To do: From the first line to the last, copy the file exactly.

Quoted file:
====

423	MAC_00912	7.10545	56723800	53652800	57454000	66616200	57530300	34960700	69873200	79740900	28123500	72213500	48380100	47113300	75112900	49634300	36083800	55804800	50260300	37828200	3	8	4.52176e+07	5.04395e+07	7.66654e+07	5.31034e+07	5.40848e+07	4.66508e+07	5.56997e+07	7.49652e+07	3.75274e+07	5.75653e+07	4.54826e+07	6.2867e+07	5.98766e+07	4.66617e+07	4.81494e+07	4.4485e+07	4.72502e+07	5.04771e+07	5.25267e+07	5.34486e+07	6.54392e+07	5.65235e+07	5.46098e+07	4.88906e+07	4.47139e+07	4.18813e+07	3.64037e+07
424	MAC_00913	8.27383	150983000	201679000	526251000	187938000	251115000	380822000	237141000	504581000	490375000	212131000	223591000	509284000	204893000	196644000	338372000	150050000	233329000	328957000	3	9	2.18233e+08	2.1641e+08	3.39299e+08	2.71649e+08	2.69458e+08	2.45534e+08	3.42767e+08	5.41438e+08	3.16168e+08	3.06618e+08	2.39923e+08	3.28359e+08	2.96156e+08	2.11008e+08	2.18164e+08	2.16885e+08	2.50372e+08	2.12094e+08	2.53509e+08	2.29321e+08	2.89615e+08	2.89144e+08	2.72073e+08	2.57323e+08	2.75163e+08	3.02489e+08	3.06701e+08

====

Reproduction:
423	MAC_00912	7.10545	56723800	53652800	57454000	66616200	57530300	34960700	69873200	79740900	28123500	72213500	48380100	47113300	75112900	49634300	36083800	55804800	50260300	37828200	3	8	4.52176e+07	5.04395e+07	7.66654e+07	5.31034e+07	5.40848e+07	4.66508e+07	5.56997e+07	7.49652e+07	3.75274e+07	5.75653e+07	4.54826e+07	6.2867e+07	5.98766e+07	4.66617e+07	4.81494e+07	4.4485e+07	4.72502e+07	5.04771e+07	5.25267e+07	5.34486e+07	6.54392e+07	5.65235e+07	5.46098e+07	4.88906e+07	4.47139e+07	4.18813e+07	3.64037e+07
424	MAC_00913	8.27383	150983000	201679000	526251000	187938000	251115000	380822000	237141000	504581000	490375000	212131000	223591000	509284000	204893000	196644000	338372000	150050000	233329000	328957000	3	9	2.18233e+08	2.1641e+08	3.39299e+08	2.71649e+08	2.69458e+08	2.45534e+08	3.42767e+08	5.41438e+08	3.16168e+08	3.06618e+08	2.39923e+08	3.28359e+08	2.96156e+08	2.11008e+08	2.18164e+08	2.16885e+08	2.50372e+08	2.12094e+08	2.53509e+08	2.29321e+08	2.89615e+08	2.89144e+08	2.72073e+08	2.57323e+08	2.75163e+08	3.02489e+08	3.06701e+08